# Python Math Examples

Use math methods. Review methods like sqrt, math.floor and math.ceil.**Math.** In ancient times, great advances were made in mathematics. A scroll shows a circle. It calculates its area. Today computers do these calculations.

**In Python we discover** many prebuilt functions. Consider a square root. We just call math.sqrt. No scroll is required for this calculation.

**Floor, ceil.** Two common math functions are floor and ceil. Floor removes the digits past the decimal place. In this example it changes 100.7 to 100.

floor**Ceil:** This rounds the number up to the next highest one. A ceiling is always above us.

**Tip:** When using methods like floor and ceil, consistency is helpful. If some parts of the program use these methods, others should too.

**Python program that imports math**
import math*
# Fractional number.
*n = *100.7**
# Absolute value.
*print(__math.floor__(n))
print(__math.ceil__(n))
**Output**
100
101

**Abs built-in.** This is a built-in function in Python. We invoke it with one argument. Abs returns the absolute value of that argument.

abs

**Round.** This method rounds a number up or down. We call it with a float argument. We can specify how many digits past the decimal place we want to keep.

round

**Sum, fsum.** With sum, we add together the elements in a list. Fsum is a more accurate way to sum floating-point numbers. On integers, the methods are equal. But fsum is better for floats.

sum**Tip:** Sum and fsum can be used on any iterable collection. This includes the list, tuple and set.

**Caution:** If the iterable contains a non-numeric value, a TypeError will occur. We handle this in an except statement.

Error**Here:** In this example, the sum() method causes a rounding error to occur. The fsum() method returns a better sum.

**Python program that uses sum, fsum**
import math*
# Input list.
*values = [*0.9999999*, *1*, *2*, *3*]*
# Sum values in list.
*r = __sum__(values)
print(r)*
# Sum values with fsum.
*r = math.__fsum__(values)
print(r)
**Output**
6.999999900000001
6.9999999

**Truncate.** Truncating a number removes everything past the decimal place. This does not round the number. Instead it just eliminates the fractional part.

**Note:** The number before the decimal place is never changed with math.trunc. This is similar to casting to (int) in C-like languages.

**Python program that uses math.trunc**
import math*
# Truncate this value.
*value1 = *123.45*
truncate1 = __math.trunc__(value1)
print(truncate1)*
# Truncate another value.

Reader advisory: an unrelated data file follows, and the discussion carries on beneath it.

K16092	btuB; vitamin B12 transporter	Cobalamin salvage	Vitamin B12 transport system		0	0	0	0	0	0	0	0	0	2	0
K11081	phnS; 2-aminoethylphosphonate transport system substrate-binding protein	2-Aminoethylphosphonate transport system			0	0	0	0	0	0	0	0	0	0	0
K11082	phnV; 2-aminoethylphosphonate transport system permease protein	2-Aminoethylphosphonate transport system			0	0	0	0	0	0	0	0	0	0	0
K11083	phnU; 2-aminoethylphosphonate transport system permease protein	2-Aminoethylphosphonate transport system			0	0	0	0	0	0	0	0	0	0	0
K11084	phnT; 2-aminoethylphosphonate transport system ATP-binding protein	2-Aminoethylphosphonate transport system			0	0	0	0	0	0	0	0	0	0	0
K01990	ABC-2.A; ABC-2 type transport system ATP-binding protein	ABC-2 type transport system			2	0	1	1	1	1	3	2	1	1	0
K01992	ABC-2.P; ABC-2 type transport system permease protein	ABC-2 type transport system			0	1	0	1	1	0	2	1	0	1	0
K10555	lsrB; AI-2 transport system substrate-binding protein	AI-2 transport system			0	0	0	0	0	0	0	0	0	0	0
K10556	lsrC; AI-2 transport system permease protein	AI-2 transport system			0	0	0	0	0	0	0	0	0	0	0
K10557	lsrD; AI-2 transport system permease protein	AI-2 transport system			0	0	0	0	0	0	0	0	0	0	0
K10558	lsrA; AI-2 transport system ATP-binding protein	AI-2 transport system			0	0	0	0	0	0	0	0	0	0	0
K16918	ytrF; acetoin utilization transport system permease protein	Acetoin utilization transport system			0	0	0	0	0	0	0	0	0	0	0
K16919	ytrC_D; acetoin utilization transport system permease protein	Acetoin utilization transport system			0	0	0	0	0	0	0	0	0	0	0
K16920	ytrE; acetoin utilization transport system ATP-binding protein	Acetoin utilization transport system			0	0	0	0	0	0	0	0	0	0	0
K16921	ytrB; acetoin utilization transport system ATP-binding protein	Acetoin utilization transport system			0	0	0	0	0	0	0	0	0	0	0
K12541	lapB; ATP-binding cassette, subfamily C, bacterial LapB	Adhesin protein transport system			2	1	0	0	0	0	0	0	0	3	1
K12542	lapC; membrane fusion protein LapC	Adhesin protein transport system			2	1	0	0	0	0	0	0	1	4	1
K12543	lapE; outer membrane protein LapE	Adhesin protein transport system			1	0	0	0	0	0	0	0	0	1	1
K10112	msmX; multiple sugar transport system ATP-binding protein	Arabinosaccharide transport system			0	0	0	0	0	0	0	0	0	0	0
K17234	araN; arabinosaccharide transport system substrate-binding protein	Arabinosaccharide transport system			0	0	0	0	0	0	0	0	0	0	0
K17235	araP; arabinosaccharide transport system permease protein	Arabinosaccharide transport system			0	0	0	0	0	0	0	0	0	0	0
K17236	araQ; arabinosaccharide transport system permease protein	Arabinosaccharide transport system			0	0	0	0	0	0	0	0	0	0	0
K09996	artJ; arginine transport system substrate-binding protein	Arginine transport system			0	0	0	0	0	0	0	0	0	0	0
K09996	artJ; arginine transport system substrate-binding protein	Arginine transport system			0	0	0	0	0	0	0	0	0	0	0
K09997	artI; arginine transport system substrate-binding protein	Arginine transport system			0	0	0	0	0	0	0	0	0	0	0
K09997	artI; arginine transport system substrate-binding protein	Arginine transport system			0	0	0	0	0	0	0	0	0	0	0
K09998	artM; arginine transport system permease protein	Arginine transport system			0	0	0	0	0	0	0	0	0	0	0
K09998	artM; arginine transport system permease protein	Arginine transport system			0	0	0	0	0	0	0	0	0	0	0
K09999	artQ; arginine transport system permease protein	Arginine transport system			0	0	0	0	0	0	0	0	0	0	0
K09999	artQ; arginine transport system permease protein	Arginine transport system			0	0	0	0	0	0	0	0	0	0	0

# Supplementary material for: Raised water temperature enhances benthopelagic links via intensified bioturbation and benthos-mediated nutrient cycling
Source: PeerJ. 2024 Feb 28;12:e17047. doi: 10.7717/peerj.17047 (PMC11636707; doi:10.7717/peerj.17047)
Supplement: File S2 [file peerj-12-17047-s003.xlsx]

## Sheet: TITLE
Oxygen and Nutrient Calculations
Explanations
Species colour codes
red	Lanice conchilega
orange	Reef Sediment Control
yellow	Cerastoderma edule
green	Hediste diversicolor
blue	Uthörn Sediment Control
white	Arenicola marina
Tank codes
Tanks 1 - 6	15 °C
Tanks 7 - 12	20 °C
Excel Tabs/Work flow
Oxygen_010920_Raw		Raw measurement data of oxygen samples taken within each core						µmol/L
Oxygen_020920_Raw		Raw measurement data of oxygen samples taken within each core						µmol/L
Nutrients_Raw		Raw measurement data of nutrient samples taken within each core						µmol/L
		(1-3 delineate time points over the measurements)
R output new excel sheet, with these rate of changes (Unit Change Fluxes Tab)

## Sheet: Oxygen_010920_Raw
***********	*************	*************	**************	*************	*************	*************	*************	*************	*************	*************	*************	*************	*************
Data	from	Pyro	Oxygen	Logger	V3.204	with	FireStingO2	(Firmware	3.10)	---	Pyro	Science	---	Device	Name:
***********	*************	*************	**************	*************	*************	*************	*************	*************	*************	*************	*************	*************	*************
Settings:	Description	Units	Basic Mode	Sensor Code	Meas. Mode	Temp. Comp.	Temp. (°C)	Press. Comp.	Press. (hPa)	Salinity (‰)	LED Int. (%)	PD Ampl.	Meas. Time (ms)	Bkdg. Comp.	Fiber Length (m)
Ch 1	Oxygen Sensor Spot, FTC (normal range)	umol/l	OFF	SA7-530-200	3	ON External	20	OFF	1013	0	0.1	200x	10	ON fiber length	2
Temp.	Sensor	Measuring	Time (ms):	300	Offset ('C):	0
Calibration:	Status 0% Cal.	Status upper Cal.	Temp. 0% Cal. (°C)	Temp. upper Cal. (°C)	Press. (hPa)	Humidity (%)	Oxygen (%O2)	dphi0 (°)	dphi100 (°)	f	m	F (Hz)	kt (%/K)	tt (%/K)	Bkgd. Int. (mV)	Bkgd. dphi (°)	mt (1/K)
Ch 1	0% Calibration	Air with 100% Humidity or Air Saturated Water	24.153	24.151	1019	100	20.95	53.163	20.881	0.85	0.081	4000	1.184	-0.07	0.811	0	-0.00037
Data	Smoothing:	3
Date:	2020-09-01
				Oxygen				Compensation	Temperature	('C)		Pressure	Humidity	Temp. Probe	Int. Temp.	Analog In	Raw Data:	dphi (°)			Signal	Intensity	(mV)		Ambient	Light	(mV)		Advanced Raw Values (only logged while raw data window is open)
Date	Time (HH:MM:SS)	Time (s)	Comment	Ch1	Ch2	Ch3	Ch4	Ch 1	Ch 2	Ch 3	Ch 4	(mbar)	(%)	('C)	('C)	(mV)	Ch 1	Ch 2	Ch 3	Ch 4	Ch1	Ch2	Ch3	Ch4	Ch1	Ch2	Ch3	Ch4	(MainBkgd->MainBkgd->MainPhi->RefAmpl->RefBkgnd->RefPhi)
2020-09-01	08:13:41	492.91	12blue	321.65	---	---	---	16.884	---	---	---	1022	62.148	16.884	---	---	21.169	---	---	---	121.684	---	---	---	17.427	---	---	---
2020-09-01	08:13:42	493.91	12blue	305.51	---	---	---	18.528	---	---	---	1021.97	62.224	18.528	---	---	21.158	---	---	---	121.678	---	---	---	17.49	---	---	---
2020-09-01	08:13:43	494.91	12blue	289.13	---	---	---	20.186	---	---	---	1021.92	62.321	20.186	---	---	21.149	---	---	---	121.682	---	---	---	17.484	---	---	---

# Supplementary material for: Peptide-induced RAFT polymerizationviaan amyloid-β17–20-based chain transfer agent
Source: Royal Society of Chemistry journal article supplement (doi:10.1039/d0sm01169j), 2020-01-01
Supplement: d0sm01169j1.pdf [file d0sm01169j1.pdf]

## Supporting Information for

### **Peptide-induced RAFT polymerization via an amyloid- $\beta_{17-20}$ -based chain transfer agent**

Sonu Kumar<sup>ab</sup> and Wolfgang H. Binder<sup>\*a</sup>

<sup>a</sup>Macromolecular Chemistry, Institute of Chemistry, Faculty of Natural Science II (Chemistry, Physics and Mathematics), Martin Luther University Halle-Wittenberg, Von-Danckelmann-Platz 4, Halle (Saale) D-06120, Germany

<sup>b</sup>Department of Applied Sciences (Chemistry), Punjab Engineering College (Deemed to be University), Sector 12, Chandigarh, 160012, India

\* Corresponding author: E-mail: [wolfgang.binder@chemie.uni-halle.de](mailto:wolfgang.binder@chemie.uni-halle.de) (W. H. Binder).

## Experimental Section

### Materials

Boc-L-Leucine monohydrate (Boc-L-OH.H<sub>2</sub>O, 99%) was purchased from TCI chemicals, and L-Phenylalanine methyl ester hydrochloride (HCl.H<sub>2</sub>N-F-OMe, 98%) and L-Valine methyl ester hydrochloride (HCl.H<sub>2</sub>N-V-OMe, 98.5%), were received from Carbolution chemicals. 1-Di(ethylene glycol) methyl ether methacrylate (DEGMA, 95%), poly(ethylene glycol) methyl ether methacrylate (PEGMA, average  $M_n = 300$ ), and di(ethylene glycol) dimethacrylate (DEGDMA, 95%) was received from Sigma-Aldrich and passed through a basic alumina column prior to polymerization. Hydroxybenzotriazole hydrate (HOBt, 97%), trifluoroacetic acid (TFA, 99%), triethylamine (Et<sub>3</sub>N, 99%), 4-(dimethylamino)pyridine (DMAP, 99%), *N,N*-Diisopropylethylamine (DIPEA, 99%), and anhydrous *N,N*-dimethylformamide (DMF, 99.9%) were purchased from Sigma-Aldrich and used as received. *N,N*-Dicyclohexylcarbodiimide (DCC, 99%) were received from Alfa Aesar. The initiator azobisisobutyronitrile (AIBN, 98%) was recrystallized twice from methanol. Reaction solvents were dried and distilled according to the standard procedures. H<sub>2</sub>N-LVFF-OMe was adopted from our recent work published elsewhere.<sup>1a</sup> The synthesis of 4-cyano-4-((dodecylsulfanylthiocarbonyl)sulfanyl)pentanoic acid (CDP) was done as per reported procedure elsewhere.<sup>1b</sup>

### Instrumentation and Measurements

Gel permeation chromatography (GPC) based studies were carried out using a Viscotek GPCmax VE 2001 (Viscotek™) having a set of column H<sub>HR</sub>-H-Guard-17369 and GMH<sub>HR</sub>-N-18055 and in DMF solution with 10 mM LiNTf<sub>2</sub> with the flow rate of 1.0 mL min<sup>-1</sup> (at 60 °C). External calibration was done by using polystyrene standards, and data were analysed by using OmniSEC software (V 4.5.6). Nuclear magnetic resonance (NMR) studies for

*value2 = *345.67*
truncate2 = __math.trunc__(value2)
print(truncate2)
**Output**
123
345

**Pow built-in.** Exponentiation multiplies a number by itself a certain number of times. With math.pow we apply this operation. Math.pow is similar to the ** operator.

**But:** When math.pow is applied, the result is always converted to a float. This is not the case with the ** operator.

**Tip:** More examples of using the exponent operator are available on the numbers page.

Numbers: Square, Cube**Python program that uses math.pow**
import math*
# Use math.pow method.
*a = __math.pow__(2, 3)*
# Use operator.
*b = 2 ** 3*
# Print results.
*print(a)
print(b)
**Output**
8.0
8

**Sqrt.** In most programs, we do not need square roots. But when we do, the math.sqrt method is useful. It receives one argument. It returns the square root (in floating-point form).

**Tip:** If your program often uses square roots, a cache or lookup table may be helpful. You could memoize the result of math.sqrt for speed.

Memoize**Python program that uses math.sqrt**
import math
value1 = *9*
value2 = *16*
value3 = *100**
# Use sqrt method.
*print(__math.sqrt__(value1))
print(math.sqrt(value2))
print(math.sqrt(value3))
**Output**
3.0
4.0
10.0

**Pi, E.** You probably know the approximate values of E and pi. And you could specify these directly in a Python program. But with math.e and math.pi, we avoid this hassle.

**Python program that uses math.e, pi**
import math*
# This returns the value of e.
*print(__math.e__)*
# And this is pi.
*print(__math.pi__)
**Output**
2.718281828459045
3.141592653589793

**Compound interest.** Math is used in the real world. Please also check out the compound_interest Python implementation. It uses pow to compute an exponential function.

Compound Interest**Math is everywhere.** It is possible to directly compute mathematical functions. We could add methods that use arithmetic operators. But this adds complexity. It bloats programs.

**Note:** Thanks to Sumant Kanala for writing in with a small correction to the math.trunc explanation.

**Instead,** we can use built-ins. These are found in the default and math modules. This approach is more effective. It is simpler. It makes programs easier to understand and maintain.

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